Next Gun Control Fight Likely to Target Ammo

Over the weekend the New York Times ran a lengthy story on the Lake City Army Ammunition Plant and its role in producing ammunition for the civilian market in addition to the U.S. military. The Times report explicitly tied ammo produced at Lake City to mass shootings, with the paper reporting that Lake City ammunition has been “bought by murderers, antigovernment groups, and others.”


Not just to complain about, but potentially to legislate or regulate as well. I’ve been covering 2A issues long enough to recognize the pattern here; a major media outlet “uncovers” something it portrays as a problem, and then anti-gun politicians and gun control groups start demanding action be taken. The New York Times report itself doesn’t contain too many comments from anti-2A activists, but it doesn’t need to. That’s what follow up stories are for. Instead, the purpose of the initial report is to establish some reason to be concerned; in this case, the presence of Lake City-produced ammunition turning up at crime scenes.

The vast majority of Lake City rounds sold by retailers have gone to law-abiding citizens, from hunters and farmers to target shooters. Some are drawn to them because they are made with the same materials and often to the same specifications as the military’s, while others see them as an authentic accessory for their tactical weapons and gear.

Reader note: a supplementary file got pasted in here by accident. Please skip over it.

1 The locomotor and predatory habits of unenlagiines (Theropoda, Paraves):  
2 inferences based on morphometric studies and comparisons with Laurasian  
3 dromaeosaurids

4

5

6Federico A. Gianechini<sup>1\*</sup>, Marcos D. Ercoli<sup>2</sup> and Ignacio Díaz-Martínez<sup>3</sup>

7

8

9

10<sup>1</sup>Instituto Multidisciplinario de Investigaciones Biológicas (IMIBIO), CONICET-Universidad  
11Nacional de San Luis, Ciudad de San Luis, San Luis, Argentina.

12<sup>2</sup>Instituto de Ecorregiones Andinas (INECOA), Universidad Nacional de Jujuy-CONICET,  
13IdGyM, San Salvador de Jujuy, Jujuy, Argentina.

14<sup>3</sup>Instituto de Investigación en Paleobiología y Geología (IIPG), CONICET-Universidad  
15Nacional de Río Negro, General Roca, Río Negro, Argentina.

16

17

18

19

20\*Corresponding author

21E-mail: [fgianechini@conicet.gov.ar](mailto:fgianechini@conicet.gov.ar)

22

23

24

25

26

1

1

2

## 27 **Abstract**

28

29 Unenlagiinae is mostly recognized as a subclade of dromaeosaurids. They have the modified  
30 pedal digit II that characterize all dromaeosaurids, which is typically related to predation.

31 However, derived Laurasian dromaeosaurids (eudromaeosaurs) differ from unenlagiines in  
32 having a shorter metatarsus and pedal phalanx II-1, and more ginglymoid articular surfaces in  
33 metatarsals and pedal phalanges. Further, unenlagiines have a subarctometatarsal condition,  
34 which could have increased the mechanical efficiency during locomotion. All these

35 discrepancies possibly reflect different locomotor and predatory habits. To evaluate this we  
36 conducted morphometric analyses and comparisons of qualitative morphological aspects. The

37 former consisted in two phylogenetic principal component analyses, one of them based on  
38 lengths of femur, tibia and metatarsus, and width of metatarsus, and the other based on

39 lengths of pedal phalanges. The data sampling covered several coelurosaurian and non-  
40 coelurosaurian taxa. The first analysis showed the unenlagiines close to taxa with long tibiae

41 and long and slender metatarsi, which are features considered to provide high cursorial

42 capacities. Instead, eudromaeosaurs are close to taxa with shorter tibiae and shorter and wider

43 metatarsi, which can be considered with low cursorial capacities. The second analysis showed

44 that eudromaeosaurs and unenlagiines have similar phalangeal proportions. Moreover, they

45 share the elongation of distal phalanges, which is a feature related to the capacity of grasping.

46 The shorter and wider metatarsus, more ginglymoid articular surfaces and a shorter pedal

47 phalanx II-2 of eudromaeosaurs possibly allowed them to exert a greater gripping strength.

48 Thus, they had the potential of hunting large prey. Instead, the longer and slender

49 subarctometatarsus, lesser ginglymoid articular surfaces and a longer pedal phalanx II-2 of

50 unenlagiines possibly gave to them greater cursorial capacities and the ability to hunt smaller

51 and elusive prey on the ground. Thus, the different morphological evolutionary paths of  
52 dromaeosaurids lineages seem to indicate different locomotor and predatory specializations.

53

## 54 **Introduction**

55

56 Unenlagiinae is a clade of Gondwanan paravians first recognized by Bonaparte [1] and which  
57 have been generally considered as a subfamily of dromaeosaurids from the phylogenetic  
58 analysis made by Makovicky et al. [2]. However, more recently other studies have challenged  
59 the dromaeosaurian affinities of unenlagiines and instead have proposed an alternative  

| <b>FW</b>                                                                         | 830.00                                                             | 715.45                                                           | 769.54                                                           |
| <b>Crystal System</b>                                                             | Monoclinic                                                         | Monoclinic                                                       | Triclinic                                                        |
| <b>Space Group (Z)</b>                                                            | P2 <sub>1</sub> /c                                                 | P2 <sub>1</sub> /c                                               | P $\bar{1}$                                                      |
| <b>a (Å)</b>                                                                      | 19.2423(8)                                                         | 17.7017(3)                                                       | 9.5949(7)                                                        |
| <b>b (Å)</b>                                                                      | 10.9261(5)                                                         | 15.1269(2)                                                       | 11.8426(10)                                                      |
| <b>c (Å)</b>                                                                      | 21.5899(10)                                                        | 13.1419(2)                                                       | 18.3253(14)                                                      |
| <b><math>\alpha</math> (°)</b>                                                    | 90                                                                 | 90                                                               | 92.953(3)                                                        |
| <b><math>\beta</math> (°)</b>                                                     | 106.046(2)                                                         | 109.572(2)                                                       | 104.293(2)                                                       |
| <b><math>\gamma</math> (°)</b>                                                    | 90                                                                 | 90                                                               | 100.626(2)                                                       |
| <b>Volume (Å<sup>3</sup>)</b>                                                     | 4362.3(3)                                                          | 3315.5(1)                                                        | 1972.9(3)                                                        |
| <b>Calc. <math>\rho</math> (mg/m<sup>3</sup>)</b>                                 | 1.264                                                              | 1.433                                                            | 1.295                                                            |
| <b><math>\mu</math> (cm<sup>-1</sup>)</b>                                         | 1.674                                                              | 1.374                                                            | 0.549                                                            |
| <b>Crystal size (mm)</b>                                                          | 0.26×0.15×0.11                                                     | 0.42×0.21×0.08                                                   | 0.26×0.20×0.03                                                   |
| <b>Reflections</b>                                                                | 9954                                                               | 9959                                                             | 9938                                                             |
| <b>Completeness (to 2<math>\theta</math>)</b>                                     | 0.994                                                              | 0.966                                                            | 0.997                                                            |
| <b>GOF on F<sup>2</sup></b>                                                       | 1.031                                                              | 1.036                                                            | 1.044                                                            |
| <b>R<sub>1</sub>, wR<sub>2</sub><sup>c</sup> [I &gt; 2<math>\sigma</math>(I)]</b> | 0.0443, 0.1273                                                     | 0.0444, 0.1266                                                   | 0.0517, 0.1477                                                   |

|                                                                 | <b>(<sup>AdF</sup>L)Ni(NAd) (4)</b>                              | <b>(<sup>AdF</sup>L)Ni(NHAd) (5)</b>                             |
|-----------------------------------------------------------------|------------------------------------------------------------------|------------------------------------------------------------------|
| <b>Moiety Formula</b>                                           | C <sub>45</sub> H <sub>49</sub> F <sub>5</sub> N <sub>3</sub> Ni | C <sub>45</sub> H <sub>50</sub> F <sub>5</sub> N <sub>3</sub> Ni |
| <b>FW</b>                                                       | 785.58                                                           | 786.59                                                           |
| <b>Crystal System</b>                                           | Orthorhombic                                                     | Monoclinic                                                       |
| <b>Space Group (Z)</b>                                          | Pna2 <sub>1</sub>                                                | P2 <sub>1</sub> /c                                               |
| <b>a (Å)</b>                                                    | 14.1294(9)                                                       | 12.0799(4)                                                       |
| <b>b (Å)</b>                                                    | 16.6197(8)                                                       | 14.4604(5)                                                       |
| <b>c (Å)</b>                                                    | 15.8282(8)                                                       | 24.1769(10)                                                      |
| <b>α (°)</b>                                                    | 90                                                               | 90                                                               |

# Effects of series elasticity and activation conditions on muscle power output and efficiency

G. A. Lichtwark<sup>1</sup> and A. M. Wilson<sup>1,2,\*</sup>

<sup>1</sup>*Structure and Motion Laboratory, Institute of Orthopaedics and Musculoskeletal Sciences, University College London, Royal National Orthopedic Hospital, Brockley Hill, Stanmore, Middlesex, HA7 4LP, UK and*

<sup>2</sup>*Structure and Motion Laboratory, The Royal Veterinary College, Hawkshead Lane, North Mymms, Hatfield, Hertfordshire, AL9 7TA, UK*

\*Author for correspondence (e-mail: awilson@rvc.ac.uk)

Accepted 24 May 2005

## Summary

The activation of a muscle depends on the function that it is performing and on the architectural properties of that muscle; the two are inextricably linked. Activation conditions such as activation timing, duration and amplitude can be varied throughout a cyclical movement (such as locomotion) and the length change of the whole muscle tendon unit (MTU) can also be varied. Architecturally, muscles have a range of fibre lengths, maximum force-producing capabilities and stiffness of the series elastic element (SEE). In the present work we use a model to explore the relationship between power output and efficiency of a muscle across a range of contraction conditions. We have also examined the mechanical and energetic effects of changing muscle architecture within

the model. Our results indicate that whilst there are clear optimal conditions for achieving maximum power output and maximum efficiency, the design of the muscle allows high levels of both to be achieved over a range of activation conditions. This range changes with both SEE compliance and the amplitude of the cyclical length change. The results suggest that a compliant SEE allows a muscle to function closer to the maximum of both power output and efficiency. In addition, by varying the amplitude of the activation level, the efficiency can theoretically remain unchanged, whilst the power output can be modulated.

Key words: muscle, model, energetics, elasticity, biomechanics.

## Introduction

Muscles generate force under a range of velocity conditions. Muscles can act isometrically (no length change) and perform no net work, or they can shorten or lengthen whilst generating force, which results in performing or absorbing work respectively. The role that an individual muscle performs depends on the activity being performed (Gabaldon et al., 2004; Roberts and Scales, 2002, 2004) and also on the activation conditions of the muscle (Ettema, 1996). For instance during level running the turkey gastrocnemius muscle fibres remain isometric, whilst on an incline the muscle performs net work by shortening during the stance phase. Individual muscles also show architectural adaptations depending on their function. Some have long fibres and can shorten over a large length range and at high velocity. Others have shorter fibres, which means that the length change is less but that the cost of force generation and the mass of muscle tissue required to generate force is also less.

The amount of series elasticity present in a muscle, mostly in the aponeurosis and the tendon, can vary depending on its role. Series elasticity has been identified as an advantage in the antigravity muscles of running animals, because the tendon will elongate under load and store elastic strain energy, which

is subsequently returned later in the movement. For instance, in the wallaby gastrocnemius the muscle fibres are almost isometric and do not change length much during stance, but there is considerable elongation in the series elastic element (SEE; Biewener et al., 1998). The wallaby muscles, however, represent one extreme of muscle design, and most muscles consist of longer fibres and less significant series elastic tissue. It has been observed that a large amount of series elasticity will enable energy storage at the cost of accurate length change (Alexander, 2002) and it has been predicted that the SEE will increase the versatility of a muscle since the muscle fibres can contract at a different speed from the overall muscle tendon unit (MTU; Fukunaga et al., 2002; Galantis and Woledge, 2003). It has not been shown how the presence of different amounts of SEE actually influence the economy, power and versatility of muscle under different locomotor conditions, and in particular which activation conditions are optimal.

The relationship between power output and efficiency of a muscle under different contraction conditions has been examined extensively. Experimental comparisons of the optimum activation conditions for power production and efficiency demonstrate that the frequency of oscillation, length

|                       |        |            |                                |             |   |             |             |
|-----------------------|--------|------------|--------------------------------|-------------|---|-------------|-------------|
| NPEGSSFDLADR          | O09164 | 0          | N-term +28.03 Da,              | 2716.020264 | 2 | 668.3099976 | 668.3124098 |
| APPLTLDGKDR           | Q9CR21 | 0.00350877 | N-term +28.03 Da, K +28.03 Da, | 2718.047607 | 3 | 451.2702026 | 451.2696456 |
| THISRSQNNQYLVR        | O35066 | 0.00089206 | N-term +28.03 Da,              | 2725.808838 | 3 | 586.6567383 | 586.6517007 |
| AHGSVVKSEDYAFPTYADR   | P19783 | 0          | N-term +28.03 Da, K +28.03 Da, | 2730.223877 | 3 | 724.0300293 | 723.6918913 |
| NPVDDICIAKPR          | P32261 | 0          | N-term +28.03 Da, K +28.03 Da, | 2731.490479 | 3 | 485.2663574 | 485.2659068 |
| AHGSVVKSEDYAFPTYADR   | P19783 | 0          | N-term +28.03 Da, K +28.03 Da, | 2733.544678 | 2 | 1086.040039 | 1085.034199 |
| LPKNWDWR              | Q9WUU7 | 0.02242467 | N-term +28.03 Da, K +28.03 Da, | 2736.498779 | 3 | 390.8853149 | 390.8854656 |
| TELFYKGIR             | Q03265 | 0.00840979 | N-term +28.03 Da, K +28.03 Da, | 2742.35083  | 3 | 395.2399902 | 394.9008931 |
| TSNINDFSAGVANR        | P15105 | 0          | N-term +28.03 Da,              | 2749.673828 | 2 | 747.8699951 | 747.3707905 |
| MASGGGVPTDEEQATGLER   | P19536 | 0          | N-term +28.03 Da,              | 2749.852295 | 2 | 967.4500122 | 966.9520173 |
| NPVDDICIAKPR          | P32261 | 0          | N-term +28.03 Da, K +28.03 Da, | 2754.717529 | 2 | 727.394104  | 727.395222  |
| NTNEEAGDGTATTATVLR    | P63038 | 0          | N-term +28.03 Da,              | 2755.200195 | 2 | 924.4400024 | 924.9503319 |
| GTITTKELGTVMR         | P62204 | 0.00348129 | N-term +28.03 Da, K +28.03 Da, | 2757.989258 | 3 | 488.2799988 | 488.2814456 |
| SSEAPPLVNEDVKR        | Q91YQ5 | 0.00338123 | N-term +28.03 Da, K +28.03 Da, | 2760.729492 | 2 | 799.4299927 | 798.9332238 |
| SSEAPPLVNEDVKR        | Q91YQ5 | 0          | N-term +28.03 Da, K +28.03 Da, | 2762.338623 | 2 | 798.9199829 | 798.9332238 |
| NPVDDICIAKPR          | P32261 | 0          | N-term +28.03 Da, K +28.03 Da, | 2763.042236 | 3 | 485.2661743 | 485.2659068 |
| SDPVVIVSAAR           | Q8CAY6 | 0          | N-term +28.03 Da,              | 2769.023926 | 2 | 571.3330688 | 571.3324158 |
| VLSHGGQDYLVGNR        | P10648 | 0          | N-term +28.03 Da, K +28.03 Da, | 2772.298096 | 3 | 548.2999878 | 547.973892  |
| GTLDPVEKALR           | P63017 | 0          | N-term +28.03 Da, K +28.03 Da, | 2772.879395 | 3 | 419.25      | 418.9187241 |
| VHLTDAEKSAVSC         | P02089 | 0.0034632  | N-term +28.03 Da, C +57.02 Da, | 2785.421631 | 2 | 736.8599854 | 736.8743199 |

But more than one million pages of search warrants, police evidence logs, ballistic reports, forfeiture records and court proceedings compiled by The Times provide a sweeping accounting of how Lake City ammunition, once intended for war, has also cut a criminal path across towns and cities in nearly all 50 states.

The tie-in between the military and civilian use of .223 or 5.56 ammo is a key part of the narrative being crafted by the New York Times, as is the partnership between the Army and the private sector.


The availability to consumers of rifle cartridges made at an Army site is the fruit of a symbiotic relationship between the Defense Department and the ammunition industry. A legacy of the war on terror, the federal contract to operate Lake City’s sprawling manufacturing campus is intended to save taxpayers money while keeping it ready to ramp up at a moment’s notice.

When the military needs ammunition, the contractor is required to make it, but it is otherwise free to keep production lines humming with commercial operations.

Over the last two decades, the government has invested more than $860 million to improve and repair the plant and expand its capacity, according to Justine Barati, an Army spokeswoman. The Army has also required Lake City contractors to pick up some costs. Under the current arrangement, the contractor has covered at least $10 million a year in improvements — an amount that can grow depending on production levels. The payments are earmarked for projects ranging from office renovations to equipment upgrades.